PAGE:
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Lyricist of the masses

V. GANGADHAR

Gulshan Bawra, who passed away recently at 72, wrote 240 songs in his 42-year career in the Hindi film industry.



Memorable: Bawra wrote songs for Upkar

It seems Bollywood has a connection to people named Gulshan. Gulshan Rai produced and distributed films. Gulshan Nanda wrote mushy novels, many of which were made into Bollywood films. Gulshan Kumar and his T series brought film music closer to fans . And another Gulshan…Gulshan Bawra, the noted lyricist, has passed away recently in Mumbai at age 72.

In his 42-year career in Hindi cinema, Gulshan Bawra has written around 240 songs, most of them composed by top music directors – particularly R. D. Burman and Kalyanji-Anandji.

Meaningful and fulfilling

Bawra was lucky to work during the golden era of Hindi film music when melody reigned supreme and lyrics were meaningful and fulfilling. Besides writing lyrics, Bawra has done character roles in about 20 films such as ‘Upkar’, ‘Pavirta Papi’, ‘Beiman’ and ‘Zanjeer’.

Mention Gulshan Bawra to a Hindi film music buff and the immediate response will be, “Oh, the ‘Mere desh ki dharti sona ugle......’ chap!” Yes, the immortal lines from Manoj Kumar’s magnum opus, ‘Upkar,’ are still remembered today.



Zanjeer

According to a media report, a couple of years before the film was conceived, producer-director Manoj Kumar and Bawra were returning after visiting a shrine. At that time Manoj Kumar heard the poet humming some lines, which struck a chord. He remembered them when the shooting of ‘Upkar’ began and in consultation with music director, Kalyanji-Anandji, he invited Bawra over and asked him to complete the song which was finalised with some minor changes. The song and the film were hits.

Film fans also remember another hit song from Bawra, composed by the same music director duo, in ‘Zanjeer’. It is ‘Yaari hai iman meri yaar meri zindagi,’ where character actor, Pran, danced to the melody sung by Manna Dey. Hugely successful as the first hit of actor Amitabh Bachchan, the song and dance sequence were equally appreciated.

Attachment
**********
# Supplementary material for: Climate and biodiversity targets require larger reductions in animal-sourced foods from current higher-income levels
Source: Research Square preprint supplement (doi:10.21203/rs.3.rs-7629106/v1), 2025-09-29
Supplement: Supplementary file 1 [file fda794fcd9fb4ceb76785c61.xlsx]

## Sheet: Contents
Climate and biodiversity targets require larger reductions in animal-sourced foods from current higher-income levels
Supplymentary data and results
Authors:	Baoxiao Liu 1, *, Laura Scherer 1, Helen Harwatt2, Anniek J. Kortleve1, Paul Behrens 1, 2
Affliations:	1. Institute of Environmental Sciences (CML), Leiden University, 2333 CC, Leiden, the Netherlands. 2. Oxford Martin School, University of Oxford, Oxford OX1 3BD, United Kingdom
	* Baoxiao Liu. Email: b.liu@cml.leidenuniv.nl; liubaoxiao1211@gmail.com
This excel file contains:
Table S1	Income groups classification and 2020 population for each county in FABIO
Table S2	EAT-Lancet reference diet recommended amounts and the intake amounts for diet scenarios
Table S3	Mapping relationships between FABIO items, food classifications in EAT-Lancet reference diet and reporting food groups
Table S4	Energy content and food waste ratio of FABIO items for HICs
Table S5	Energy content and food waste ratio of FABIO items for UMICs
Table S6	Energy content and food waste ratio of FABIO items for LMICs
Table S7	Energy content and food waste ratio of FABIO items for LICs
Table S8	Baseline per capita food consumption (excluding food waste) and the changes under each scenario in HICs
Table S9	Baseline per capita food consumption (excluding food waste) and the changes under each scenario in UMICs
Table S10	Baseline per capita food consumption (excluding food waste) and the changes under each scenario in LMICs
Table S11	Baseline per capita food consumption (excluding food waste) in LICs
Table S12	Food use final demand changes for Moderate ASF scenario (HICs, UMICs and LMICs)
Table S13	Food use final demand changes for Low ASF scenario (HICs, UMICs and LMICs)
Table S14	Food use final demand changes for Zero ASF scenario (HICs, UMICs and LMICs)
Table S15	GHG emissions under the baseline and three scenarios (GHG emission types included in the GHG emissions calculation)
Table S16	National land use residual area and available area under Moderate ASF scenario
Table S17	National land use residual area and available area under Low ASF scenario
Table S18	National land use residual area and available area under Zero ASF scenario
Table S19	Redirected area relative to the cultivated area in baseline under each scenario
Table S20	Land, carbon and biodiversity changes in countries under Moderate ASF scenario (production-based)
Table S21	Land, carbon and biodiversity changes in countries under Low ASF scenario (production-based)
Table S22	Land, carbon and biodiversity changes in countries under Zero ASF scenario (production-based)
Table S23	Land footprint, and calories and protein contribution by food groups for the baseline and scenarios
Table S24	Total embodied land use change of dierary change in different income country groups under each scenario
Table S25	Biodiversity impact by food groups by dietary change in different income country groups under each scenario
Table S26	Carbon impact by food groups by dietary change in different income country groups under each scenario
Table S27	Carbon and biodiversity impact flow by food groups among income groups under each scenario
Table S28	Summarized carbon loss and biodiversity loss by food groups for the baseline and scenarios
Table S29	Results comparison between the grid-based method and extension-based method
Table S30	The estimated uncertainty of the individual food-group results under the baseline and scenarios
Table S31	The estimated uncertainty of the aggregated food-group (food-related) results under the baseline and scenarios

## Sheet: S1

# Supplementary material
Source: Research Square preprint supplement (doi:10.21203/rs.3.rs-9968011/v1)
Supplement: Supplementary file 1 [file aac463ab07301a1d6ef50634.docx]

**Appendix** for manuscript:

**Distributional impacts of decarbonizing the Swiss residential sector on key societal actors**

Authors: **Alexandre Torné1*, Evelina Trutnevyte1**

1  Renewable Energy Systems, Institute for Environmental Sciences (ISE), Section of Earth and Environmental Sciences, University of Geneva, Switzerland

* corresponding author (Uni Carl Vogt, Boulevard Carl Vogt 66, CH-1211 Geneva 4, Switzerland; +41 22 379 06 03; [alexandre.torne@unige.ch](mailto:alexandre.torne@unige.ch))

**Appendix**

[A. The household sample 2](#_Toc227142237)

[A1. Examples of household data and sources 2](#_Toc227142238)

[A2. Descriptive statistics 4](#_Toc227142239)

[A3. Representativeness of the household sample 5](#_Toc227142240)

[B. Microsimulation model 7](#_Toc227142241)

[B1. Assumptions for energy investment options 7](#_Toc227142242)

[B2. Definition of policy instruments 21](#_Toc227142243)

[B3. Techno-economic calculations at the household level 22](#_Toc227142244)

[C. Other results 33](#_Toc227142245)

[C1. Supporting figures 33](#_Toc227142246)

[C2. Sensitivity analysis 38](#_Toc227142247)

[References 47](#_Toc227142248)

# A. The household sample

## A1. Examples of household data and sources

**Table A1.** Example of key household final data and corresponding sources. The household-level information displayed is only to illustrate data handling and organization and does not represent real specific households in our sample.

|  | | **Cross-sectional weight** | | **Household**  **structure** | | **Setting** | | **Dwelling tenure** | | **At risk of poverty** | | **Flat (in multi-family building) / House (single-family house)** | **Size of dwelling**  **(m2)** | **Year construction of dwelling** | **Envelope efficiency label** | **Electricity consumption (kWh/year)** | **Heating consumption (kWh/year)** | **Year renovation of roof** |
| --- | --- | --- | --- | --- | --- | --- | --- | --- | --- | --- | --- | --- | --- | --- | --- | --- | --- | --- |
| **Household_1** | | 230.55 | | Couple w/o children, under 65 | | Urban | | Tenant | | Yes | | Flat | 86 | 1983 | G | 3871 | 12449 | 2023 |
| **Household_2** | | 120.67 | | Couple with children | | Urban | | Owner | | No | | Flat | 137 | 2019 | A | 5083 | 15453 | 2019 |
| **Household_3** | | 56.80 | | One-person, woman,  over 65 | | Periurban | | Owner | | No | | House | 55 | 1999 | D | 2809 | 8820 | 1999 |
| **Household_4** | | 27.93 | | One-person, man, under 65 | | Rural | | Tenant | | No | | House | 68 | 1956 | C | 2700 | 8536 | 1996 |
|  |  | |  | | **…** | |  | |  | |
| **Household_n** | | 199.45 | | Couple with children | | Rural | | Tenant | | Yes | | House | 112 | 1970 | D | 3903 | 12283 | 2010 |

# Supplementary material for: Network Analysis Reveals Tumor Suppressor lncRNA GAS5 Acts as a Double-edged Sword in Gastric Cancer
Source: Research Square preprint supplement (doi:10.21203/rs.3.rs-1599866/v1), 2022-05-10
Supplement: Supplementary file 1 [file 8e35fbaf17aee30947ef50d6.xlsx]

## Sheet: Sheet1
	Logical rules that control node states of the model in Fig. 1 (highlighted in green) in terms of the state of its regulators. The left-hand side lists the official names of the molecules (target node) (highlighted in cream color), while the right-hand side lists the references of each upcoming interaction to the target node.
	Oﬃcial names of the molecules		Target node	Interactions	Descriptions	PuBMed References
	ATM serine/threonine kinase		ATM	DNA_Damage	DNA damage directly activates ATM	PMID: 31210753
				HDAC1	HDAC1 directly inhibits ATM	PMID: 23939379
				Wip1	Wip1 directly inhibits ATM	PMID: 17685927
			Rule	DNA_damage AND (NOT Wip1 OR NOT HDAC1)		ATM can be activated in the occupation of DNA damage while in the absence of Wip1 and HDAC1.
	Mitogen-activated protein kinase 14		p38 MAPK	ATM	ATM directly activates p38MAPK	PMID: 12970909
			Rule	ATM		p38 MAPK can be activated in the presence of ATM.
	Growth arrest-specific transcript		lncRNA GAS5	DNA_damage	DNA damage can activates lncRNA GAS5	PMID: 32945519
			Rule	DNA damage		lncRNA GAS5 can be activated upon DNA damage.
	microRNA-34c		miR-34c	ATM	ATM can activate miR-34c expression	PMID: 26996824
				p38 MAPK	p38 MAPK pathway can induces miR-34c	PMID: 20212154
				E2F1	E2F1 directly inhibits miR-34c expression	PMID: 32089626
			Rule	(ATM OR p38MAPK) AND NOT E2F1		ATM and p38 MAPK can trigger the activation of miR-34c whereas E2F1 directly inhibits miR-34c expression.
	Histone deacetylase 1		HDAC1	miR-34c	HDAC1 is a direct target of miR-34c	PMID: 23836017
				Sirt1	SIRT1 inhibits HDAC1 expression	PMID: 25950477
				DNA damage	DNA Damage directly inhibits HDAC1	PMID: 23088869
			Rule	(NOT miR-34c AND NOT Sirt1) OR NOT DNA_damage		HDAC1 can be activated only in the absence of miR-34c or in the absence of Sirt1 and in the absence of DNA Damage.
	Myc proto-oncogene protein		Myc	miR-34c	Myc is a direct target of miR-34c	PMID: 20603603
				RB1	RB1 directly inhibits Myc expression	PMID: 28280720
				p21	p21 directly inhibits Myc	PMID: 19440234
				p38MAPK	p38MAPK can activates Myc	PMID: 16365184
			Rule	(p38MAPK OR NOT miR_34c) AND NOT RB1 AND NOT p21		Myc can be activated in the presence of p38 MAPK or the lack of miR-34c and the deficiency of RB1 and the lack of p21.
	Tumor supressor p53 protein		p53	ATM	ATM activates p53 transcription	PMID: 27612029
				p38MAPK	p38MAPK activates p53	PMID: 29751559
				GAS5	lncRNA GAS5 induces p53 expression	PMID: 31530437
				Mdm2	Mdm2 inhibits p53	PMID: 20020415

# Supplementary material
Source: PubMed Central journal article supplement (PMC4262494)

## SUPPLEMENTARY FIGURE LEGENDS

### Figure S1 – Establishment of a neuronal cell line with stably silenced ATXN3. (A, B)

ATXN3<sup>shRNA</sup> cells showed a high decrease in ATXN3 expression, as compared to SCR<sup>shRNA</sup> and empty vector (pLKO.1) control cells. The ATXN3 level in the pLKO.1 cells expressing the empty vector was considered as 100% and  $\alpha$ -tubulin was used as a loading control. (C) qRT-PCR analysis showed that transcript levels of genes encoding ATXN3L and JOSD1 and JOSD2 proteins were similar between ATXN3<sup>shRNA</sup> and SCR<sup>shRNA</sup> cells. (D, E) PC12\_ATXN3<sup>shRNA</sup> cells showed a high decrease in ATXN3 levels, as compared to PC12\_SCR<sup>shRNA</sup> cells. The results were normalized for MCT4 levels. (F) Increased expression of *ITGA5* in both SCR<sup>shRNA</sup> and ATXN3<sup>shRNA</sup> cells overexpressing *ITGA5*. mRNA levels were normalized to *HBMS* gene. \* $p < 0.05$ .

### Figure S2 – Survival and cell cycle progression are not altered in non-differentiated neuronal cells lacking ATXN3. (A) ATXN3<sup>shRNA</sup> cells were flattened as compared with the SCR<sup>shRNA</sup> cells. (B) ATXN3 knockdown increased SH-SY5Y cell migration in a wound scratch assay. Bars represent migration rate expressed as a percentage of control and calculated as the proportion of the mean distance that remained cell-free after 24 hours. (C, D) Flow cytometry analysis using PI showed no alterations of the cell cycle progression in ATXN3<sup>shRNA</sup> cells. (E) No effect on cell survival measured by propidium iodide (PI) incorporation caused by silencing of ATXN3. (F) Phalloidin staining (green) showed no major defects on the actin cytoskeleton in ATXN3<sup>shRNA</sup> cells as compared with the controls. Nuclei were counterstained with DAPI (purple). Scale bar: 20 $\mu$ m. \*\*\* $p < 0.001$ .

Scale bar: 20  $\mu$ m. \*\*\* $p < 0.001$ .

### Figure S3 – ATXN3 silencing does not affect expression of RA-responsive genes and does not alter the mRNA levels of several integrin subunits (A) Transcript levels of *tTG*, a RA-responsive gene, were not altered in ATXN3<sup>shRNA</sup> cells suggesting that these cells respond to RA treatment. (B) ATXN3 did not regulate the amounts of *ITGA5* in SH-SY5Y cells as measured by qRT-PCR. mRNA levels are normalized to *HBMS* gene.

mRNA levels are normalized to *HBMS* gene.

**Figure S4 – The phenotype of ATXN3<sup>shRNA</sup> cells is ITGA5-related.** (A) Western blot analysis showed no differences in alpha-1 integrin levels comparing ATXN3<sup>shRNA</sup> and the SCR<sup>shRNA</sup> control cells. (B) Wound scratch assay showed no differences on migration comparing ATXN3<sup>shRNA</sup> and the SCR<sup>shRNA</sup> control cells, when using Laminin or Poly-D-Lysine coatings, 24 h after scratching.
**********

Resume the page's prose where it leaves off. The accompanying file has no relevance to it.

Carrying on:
Bawra wrote other memorable lyrics for songs such as ‘Sanam teri kasam,’ ‘Agar tuna hote,’ ‘Kasme Vaade nibhayenga hum’ and ‘Aati rahengi baharein.’

It is strange that despite such consistent hits, Gulshan Bawra never made it to the top list of lyricists such as Shakeel, Shailendra, Hasrat Jaipuri or Majrooh Sultanpuri.

In a recent media interview, filmmaker, lyricist and poet, Gulzar referred to the great work of lyricists, D.N. Madhok, Kavi Pradeep, Sahir Ludhianvi and Shailendra, putting the last name at the top of his list because he was the poet of the masses. This could be because Gulshan Bawra did not work enough with many of the leading composers of his day. But his contribution to Hindi cinema cannot be ignored.

In fact, Gulshan Bawra, was very much a man of the masses. Born in Pakistan, where he lost his parents in the partition, Gulshan Mehta (his original name) had been in Jaipur and Delhi before arriving in Bombay to try and make a living.

He was employed for some time in the Railways but life was a struggle, and working in films was a distant dream. The first break came in 1959, when composer Kalyanji offered him work in the film, ‘Chandrasena’.

‘Satta Bazar’ a big hit, established him and also provided him with a new name, Gulshan Bawra. After that, there was no looking back. The lyricist who died following cardiac arrest is survived by his wife, Anju.

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